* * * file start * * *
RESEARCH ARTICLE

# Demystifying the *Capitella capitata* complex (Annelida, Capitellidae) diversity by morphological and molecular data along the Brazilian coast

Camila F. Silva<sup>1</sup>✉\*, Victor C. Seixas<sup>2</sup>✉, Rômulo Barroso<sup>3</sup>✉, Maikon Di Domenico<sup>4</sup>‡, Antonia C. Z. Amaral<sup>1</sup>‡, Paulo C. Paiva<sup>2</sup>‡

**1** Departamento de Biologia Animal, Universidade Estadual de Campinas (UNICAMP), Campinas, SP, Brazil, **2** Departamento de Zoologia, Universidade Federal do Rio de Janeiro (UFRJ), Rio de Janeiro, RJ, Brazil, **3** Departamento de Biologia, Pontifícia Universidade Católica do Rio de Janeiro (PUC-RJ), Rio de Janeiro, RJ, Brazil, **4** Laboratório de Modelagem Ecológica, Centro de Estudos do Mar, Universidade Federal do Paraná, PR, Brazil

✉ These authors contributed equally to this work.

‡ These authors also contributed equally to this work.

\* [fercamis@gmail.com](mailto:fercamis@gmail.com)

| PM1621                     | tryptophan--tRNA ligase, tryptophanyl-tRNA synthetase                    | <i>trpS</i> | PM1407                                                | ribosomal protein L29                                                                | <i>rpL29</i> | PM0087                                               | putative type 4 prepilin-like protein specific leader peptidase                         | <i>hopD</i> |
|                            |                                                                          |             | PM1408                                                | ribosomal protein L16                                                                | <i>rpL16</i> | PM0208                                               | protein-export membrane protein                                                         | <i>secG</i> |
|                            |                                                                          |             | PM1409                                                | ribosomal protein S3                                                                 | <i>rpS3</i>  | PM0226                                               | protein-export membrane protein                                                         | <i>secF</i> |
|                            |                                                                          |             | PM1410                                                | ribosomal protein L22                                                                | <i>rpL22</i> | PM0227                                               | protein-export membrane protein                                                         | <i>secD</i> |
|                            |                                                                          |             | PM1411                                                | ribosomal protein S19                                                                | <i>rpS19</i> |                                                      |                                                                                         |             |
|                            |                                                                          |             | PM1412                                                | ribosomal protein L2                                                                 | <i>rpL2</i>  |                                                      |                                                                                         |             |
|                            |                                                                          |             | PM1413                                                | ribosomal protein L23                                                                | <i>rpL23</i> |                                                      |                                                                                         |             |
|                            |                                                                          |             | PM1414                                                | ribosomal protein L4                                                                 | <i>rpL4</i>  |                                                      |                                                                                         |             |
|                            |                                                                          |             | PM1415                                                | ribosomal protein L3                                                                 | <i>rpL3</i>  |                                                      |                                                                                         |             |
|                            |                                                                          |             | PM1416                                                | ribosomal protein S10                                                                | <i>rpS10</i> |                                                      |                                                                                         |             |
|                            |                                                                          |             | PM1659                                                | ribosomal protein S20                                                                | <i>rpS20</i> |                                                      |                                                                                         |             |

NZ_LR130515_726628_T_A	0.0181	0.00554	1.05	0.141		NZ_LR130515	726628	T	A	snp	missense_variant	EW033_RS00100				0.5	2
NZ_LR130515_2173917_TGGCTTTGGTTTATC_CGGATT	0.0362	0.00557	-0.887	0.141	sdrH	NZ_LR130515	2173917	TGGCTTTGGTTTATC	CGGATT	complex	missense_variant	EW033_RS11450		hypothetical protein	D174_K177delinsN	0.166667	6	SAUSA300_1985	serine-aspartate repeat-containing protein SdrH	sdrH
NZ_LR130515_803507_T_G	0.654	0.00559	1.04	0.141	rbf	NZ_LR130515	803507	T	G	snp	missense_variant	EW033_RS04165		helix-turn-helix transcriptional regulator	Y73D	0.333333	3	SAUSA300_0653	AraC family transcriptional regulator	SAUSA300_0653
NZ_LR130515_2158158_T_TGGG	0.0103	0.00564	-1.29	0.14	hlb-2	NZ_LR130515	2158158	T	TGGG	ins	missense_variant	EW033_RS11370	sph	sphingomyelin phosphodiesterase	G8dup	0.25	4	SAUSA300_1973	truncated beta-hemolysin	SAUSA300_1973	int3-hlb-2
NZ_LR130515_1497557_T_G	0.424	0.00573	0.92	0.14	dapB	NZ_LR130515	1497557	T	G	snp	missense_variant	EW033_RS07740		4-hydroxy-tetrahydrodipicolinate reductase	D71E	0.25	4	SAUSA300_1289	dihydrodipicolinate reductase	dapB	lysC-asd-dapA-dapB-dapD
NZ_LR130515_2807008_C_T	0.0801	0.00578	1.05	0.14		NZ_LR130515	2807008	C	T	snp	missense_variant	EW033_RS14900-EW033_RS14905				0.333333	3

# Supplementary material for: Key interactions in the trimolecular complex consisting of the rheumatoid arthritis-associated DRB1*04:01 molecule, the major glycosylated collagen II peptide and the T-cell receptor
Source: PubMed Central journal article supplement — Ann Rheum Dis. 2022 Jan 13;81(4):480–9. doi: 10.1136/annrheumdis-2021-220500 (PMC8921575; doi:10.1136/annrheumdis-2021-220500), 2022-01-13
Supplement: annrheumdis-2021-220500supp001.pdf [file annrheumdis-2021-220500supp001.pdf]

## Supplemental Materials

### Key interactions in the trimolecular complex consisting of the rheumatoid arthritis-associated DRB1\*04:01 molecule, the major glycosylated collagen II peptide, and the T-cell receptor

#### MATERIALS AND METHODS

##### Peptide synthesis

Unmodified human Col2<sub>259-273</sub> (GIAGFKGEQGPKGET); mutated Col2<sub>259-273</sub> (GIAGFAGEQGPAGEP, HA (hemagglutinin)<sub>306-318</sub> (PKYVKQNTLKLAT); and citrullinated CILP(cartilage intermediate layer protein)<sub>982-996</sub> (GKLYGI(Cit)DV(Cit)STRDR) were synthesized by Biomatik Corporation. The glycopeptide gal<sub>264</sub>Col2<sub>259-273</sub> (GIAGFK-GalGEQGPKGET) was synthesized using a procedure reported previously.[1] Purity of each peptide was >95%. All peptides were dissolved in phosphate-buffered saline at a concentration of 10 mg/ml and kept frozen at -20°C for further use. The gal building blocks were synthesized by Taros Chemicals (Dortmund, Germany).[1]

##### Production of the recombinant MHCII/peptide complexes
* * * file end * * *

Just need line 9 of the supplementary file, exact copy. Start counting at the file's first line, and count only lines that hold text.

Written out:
|                            |                                                                          |             | PM1408                                                | ribosomal protein L16                                                                | <i>rpL16</i> | PM0208                                               | protein-export membrane protein                                                         | <i>secG</i> |